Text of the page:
RNA interference (RNAi) is a revolutionary discovery in genetic research. RNAi can specifically silence endogenous or exogenous target genes, which is a rapidly developing gene control technology with broad application prospects. Since Tuchl et al. found in 2001 that artificially synthesized double-stranded small interfering RNA (siRNA) can efficiently silence the expression of target genes in mammalian cells, the life science field has set off a wave of basic and applied research on siRNA. With the gene silencing mechanism, significant progress has been made in the development of siRNA drugs to treat diseases.
In August 2018, the world’s first siRNA drug, Onpattro (Patisiran) was approved by the FDA for the treatment of patients with polyneuropathy caused by hATTR.
Onpattro is the world's first drug developed based on the Nobel Prize achievement RNA interference technology. In 1998, Andrew Fire and Craig Mello revealed the RNAi phenomenon for the first time in C. elegans, and won the Nobel Prize in Physiology in 2006 for this discovery. The approval of the first siRNA drug in 2018 takes 20 years. Onpattro's approval marks a major breakthrough in the field of RNAi medicines, and small nucleic acid medicines are finally dawning.
According to statistics, among disease-related proteins in the human body, more than 80% of the proteins cannot be targeted by current conventional small molecule drugs and biological macromolecular preparations, and are non-drugable proteins. Gene therapy aimed at treating diseases through gene expression, silencing and other functions is considered by the industry as the third generation of therapeutic drugs after chemical small molecule drugs and biological macromolecular drugs. This kind of therapy achieves the treatment of diseases at the genetic level, not restricted by non-drugable protein. As the most mainstream type of RNA drugs in gene therapy, siRNA drugs are used to treat diseases from the level of mRNA. Compared with chemical small molecular drugs and biological macromolecular drugs, they have a higher efficiency at the protein level.
In 2004, Bevasiranib, an siRNA drug developed by Opko in the United States, launched a clinical trial for the treatment of wet age-related macular degeneration. This is the first clinical trial related to siRNA in the world. Subsequently, many global pharmaceutical giants, including Pfizer, Sanofi, Roche, and Merck, joined the development queue of siRNA drugs.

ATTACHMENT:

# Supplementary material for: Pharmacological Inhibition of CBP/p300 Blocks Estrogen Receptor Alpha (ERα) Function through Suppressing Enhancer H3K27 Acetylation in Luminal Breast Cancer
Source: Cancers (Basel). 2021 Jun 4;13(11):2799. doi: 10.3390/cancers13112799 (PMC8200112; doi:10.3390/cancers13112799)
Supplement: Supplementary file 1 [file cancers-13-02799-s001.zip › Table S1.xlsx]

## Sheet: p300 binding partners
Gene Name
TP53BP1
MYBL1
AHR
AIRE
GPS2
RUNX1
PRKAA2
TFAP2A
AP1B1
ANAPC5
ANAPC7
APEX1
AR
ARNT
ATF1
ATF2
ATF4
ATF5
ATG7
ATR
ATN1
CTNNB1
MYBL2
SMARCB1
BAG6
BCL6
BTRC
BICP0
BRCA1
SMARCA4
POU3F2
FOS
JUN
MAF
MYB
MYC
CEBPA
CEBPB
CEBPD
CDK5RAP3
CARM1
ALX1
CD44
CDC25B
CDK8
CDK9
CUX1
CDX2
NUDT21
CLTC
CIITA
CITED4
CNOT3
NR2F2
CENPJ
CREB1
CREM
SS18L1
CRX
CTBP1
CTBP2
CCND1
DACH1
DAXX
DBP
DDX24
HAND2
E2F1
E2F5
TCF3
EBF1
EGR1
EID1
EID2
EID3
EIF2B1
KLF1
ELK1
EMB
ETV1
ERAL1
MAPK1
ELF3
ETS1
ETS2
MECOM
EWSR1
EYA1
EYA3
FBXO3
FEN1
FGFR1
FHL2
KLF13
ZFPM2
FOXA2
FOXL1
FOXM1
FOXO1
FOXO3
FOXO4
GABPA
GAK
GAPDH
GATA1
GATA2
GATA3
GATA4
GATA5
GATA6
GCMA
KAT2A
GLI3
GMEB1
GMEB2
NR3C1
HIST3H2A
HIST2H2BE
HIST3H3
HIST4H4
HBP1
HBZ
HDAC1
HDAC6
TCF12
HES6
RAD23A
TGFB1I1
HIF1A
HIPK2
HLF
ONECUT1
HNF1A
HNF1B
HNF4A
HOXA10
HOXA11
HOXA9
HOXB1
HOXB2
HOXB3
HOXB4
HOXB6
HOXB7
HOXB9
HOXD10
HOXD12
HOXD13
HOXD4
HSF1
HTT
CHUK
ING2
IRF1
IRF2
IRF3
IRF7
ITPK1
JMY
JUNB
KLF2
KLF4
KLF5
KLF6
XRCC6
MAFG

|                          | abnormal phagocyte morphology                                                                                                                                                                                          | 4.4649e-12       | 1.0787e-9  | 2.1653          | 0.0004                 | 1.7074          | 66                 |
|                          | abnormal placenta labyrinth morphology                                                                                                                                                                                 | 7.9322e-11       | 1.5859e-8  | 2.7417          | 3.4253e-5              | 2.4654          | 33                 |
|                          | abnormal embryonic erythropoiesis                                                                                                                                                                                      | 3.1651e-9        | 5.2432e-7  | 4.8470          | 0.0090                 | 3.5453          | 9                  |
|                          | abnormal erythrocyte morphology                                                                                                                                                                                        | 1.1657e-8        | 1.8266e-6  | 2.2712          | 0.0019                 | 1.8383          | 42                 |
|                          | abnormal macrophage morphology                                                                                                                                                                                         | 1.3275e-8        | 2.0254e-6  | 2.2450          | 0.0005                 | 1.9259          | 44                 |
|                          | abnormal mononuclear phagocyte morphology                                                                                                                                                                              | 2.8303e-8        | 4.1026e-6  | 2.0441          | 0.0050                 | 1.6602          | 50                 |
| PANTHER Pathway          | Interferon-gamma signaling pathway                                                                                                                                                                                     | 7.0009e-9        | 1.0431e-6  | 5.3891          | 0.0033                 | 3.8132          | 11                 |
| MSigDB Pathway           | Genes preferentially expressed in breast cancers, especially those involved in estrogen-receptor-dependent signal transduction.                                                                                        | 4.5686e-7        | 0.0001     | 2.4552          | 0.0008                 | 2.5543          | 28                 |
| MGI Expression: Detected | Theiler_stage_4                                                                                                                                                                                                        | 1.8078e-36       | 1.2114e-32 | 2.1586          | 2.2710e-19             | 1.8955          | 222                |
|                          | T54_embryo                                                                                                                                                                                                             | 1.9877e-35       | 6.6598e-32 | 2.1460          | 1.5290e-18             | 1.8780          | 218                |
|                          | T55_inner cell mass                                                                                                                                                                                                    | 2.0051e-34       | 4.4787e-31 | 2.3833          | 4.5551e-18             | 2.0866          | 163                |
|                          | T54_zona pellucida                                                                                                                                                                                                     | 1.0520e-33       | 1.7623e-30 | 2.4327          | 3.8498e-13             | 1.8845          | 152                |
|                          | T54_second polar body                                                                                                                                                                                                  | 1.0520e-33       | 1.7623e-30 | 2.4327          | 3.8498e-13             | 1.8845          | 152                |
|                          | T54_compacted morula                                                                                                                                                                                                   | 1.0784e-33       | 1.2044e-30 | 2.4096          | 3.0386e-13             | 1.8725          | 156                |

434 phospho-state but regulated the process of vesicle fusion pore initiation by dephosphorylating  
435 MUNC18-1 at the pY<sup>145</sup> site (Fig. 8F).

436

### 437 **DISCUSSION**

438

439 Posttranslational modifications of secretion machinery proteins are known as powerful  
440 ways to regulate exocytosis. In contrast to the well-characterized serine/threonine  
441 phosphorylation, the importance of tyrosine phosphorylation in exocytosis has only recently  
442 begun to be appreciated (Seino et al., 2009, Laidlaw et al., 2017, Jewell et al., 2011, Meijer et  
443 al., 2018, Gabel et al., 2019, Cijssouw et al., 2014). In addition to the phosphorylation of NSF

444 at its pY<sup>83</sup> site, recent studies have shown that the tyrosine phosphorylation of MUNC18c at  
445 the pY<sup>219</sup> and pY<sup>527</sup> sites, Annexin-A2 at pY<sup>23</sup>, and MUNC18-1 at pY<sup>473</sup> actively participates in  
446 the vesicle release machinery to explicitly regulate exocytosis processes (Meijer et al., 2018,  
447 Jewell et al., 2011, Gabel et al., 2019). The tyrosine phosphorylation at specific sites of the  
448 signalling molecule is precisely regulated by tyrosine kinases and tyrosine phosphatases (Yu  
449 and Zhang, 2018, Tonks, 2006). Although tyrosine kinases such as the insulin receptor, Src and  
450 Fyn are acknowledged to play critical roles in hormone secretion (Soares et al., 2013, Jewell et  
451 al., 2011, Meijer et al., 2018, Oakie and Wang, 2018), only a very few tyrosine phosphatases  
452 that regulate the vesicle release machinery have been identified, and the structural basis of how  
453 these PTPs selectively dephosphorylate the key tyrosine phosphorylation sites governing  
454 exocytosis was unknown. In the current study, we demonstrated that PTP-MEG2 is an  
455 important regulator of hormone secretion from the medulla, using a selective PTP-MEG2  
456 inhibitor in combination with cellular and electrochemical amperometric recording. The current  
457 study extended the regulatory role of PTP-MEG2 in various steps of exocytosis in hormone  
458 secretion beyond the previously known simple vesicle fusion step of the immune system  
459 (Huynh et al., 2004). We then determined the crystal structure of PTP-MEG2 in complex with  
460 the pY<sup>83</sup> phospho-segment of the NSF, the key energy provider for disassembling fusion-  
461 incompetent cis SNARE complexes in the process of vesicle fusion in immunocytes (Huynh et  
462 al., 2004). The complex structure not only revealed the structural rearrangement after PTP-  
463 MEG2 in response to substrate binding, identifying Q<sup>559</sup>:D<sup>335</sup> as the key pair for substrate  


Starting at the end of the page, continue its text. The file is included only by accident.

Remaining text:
Unfortunately, the development of the Bevasiranib project has failed in phase III due to poor clinical results, and other latecomers have not been spared. The reason is that the poor targeting, off-target effects and stability of RNAi drugs are the most important constraints that affect their efficacy. Many factors have led to the efficacy of these drugs being far less than expected, but also accompanied by serious insurmountable medication side effect.
From the perspective of technical requirements, siRNA after intravenous injection is easily degraded by nucleases, has high renal clearance, poor cell uptake efficiency, and clinical application is limited. The success of siRNA drugs depends on the development of drug delivery system technology, especially the ability to delivery carrier technology that transports RNAi safely and efficiently to specific therapeutic targets in the body.
As the world's first approved siRNA drug, Patisiran adopts the LNP drug delivery system to encapsulate RNAi drugs in liposomes, which can be administered by intravenous injection. The liposome coating greatly improves the stability of the drug and the targeting of liver tissue can ensure that the siRNA will not be filtered by the kidney and will be gradually taken up by the target cells of the liver tissue during the blood circulation. This is the key to Patissiran to overcome the above major constraints and get approved for marketing.